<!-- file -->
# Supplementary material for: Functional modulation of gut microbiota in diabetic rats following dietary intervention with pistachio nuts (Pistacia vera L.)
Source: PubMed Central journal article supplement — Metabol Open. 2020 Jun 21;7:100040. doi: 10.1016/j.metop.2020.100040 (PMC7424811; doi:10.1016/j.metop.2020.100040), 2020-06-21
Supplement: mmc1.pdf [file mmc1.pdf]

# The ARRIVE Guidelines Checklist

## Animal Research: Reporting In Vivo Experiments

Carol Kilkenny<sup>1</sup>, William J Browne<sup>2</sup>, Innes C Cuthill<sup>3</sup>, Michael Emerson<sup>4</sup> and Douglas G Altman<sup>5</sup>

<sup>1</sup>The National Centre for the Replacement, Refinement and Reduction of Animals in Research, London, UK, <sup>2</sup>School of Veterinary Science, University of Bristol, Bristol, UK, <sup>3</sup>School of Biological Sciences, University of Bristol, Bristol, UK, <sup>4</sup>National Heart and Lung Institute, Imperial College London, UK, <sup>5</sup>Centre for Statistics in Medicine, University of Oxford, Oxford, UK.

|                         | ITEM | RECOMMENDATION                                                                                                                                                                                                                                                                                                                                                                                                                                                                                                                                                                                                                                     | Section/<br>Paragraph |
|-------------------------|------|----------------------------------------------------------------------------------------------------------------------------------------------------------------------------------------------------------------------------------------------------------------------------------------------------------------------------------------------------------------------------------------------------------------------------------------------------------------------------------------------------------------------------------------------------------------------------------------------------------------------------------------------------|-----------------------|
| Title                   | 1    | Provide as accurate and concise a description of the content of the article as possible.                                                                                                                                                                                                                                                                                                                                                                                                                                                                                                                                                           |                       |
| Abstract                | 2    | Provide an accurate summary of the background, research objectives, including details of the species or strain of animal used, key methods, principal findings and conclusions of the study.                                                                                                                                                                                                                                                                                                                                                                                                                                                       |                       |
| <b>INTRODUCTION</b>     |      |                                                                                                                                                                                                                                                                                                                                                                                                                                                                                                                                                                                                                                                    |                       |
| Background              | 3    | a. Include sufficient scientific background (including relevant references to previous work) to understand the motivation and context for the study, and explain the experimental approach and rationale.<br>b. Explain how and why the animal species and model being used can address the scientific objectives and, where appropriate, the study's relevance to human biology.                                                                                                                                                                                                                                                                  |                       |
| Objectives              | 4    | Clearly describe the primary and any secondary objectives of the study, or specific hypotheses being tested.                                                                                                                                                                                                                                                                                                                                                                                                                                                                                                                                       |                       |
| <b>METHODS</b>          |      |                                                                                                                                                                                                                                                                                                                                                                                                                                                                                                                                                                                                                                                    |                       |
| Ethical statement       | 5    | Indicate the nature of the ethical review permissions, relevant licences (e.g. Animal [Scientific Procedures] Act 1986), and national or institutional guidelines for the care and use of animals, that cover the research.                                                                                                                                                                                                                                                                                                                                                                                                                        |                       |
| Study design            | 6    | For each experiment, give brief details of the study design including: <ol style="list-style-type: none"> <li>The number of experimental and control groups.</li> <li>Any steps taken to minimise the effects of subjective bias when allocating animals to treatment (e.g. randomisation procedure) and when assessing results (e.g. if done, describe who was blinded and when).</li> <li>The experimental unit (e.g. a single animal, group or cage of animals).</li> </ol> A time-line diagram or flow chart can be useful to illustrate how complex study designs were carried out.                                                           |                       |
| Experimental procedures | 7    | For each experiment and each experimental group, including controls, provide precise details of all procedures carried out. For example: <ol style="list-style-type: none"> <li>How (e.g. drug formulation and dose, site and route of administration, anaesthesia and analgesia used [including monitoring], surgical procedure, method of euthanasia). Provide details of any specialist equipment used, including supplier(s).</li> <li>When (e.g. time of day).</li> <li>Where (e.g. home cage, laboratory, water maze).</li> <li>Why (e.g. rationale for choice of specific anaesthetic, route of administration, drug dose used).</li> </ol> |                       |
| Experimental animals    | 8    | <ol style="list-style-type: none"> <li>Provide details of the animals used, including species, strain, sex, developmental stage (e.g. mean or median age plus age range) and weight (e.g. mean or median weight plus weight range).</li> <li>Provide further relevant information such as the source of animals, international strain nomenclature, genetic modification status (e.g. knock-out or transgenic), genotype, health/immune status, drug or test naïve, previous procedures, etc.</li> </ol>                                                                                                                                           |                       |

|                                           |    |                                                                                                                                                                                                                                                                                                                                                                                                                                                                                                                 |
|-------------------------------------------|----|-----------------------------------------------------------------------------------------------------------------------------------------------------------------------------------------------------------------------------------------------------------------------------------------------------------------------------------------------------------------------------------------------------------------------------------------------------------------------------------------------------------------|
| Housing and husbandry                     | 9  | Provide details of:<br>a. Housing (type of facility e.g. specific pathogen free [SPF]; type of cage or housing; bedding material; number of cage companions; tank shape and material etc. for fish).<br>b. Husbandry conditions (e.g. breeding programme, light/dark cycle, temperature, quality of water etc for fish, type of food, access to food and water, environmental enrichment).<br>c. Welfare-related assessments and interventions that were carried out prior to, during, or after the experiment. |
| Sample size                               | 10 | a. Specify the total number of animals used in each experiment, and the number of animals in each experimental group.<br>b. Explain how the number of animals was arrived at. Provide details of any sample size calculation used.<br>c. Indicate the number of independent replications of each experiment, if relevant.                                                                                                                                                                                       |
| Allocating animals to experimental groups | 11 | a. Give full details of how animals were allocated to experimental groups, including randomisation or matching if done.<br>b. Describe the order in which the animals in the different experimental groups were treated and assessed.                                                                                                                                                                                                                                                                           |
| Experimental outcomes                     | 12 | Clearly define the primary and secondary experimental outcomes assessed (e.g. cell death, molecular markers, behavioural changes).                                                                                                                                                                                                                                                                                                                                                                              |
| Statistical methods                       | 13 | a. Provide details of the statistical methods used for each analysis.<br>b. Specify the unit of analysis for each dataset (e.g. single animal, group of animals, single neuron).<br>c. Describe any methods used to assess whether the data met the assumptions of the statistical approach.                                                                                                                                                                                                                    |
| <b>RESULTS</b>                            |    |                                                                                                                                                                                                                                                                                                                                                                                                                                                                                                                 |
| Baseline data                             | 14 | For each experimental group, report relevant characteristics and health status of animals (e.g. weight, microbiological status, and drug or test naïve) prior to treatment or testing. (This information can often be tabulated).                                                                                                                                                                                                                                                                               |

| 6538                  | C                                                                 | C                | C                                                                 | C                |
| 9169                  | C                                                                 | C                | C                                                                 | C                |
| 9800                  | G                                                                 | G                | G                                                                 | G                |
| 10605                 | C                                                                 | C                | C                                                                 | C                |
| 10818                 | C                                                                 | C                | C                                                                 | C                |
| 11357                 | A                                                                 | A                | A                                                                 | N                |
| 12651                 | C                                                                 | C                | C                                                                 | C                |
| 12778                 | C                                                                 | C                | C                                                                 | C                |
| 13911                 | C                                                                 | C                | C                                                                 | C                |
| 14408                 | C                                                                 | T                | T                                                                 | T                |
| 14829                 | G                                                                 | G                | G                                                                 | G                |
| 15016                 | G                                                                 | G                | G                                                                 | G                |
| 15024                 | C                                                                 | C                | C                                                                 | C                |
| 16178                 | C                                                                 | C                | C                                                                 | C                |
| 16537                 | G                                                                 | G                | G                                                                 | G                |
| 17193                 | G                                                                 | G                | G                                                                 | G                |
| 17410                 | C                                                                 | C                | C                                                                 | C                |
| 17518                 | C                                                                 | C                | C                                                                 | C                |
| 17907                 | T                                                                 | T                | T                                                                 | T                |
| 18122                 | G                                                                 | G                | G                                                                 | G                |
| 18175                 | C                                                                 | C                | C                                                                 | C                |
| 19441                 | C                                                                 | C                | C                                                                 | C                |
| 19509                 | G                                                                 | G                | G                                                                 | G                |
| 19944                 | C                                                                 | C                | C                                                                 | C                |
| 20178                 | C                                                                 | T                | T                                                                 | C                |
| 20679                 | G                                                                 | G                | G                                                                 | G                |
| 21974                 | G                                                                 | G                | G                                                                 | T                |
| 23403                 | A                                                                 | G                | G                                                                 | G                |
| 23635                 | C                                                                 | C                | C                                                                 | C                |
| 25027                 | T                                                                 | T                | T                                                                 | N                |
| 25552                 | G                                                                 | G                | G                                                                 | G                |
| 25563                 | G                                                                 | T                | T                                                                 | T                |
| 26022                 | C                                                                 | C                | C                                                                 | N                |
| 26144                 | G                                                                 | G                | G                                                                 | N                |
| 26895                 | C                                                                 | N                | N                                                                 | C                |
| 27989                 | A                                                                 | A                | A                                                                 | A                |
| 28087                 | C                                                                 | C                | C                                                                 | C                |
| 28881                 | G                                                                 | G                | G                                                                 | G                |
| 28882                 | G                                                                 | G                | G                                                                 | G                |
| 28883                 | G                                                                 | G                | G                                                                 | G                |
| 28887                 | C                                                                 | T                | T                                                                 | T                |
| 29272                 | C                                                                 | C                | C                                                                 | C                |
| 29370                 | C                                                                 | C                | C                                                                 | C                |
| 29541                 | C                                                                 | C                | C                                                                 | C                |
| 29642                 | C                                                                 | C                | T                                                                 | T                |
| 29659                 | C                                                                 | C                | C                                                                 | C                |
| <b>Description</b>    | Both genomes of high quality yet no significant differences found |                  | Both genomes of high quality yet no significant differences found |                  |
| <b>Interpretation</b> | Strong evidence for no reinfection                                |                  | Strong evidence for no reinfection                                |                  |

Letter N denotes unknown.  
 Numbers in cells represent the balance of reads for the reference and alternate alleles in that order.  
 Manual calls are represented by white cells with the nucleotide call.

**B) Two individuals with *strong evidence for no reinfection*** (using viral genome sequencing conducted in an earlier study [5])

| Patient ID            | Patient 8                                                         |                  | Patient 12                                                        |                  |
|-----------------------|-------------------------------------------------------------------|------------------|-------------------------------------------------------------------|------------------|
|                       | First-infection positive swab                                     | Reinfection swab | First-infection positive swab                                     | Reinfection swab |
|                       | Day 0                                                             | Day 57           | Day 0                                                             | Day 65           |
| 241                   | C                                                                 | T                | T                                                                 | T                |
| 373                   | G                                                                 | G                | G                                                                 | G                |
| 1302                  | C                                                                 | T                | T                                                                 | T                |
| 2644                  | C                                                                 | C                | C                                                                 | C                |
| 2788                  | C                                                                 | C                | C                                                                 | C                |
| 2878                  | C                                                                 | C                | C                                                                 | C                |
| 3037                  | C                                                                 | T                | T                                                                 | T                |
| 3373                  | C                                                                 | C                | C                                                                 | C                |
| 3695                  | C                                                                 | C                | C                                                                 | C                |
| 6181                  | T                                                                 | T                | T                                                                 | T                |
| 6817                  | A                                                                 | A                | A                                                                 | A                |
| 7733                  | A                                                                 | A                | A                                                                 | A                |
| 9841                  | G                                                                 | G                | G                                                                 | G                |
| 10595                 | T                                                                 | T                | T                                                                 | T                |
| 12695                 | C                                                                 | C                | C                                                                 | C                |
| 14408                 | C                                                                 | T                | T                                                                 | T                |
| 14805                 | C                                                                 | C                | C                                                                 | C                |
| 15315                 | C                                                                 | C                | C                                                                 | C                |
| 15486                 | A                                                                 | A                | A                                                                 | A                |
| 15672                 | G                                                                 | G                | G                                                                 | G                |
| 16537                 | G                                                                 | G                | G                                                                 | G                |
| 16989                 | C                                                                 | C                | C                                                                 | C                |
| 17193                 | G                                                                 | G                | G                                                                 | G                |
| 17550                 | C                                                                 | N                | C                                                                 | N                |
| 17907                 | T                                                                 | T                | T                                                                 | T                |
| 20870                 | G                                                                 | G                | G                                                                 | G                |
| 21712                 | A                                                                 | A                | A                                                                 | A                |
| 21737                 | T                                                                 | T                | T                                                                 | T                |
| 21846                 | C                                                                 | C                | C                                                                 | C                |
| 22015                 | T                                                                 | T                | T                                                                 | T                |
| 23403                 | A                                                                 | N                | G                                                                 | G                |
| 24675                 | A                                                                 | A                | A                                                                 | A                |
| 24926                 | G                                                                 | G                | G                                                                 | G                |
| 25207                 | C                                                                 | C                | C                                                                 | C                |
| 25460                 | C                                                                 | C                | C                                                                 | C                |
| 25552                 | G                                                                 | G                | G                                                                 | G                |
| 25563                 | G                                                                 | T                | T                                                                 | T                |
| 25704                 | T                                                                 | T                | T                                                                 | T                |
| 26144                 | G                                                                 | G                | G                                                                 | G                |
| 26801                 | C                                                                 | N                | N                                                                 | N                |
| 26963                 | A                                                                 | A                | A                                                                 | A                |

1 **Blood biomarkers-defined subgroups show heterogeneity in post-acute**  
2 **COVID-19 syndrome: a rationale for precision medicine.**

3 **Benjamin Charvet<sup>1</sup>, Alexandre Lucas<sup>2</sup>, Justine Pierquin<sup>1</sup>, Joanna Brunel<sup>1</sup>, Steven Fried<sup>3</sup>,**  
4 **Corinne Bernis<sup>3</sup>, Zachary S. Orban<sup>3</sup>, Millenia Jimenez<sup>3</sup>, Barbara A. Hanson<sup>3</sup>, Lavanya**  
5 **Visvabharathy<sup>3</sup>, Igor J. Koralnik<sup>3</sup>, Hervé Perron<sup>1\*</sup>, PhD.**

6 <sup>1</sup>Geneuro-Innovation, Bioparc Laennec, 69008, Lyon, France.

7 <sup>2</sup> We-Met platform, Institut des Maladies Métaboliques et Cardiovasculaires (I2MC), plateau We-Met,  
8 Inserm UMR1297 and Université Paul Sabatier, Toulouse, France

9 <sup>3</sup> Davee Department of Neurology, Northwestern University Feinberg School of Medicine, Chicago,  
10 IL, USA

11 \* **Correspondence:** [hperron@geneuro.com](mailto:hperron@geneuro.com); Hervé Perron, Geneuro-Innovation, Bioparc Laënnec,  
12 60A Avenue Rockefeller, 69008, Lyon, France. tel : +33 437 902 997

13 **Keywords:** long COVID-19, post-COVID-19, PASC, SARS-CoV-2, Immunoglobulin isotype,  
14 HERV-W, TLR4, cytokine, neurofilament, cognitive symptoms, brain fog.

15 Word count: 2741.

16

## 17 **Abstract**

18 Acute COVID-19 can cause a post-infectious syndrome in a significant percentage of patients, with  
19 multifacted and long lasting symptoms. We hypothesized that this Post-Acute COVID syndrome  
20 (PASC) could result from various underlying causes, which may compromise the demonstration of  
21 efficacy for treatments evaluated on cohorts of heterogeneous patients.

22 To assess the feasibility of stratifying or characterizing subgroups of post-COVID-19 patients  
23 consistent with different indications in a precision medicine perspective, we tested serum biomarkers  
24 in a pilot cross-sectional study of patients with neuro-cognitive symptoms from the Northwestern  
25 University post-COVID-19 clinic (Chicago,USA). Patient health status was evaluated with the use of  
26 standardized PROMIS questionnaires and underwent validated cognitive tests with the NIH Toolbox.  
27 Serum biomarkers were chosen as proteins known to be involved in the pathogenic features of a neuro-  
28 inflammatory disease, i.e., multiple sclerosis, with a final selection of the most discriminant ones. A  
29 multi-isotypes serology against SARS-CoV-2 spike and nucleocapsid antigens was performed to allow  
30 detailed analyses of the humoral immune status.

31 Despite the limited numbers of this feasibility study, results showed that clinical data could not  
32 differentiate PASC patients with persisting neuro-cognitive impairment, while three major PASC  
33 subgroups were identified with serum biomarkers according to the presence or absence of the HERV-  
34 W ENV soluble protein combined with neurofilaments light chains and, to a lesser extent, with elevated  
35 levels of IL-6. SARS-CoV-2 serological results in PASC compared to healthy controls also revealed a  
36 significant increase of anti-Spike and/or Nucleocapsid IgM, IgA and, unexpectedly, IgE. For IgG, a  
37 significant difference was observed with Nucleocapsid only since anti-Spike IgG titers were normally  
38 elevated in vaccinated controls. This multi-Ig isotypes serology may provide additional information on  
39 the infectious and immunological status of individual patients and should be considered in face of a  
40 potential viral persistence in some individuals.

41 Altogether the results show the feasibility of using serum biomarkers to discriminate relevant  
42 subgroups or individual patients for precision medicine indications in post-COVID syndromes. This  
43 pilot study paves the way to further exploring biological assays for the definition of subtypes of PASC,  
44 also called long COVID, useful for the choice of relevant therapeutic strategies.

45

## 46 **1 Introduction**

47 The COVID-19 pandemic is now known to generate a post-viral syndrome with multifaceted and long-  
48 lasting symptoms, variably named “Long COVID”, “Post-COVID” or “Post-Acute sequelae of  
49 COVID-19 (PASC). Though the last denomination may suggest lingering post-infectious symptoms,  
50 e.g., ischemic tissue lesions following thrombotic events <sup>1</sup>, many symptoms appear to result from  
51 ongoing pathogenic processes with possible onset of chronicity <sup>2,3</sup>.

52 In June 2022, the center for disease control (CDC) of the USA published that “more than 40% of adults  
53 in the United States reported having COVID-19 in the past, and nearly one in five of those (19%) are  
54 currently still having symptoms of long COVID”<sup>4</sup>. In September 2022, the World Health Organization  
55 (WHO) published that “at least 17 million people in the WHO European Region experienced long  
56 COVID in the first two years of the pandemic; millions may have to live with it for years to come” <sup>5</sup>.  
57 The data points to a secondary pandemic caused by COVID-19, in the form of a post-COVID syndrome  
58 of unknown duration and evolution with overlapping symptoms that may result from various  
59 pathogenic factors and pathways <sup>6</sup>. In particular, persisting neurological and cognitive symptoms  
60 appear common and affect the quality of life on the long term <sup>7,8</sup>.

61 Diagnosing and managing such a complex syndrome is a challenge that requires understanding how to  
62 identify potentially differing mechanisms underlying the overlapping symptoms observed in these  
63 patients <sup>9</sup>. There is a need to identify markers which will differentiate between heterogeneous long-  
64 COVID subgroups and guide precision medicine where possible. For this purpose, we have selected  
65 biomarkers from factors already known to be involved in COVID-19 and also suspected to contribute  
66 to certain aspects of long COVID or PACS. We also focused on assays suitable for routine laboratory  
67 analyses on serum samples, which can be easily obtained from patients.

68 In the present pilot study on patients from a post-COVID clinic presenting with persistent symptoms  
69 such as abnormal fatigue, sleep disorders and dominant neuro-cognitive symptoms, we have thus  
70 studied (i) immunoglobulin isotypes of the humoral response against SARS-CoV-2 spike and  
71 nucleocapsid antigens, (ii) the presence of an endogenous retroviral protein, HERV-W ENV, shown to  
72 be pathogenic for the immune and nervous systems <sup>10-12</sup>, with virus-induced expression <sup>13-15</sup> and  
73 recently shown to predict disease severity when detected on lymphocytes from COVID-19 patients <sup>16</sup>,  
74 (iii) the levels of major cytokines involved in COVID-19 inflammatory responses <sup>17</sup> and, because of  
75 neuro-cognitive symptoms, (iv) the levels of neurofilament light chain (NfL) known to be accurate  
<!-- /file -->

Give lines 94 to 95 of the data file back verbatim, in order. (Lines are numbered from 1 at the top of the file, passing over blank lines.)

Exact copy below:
| 6181                  | T                                                                 | T                | T                                                                 | T                |
| 6817                  | A                                                                 | A                | A                                                                 | A                |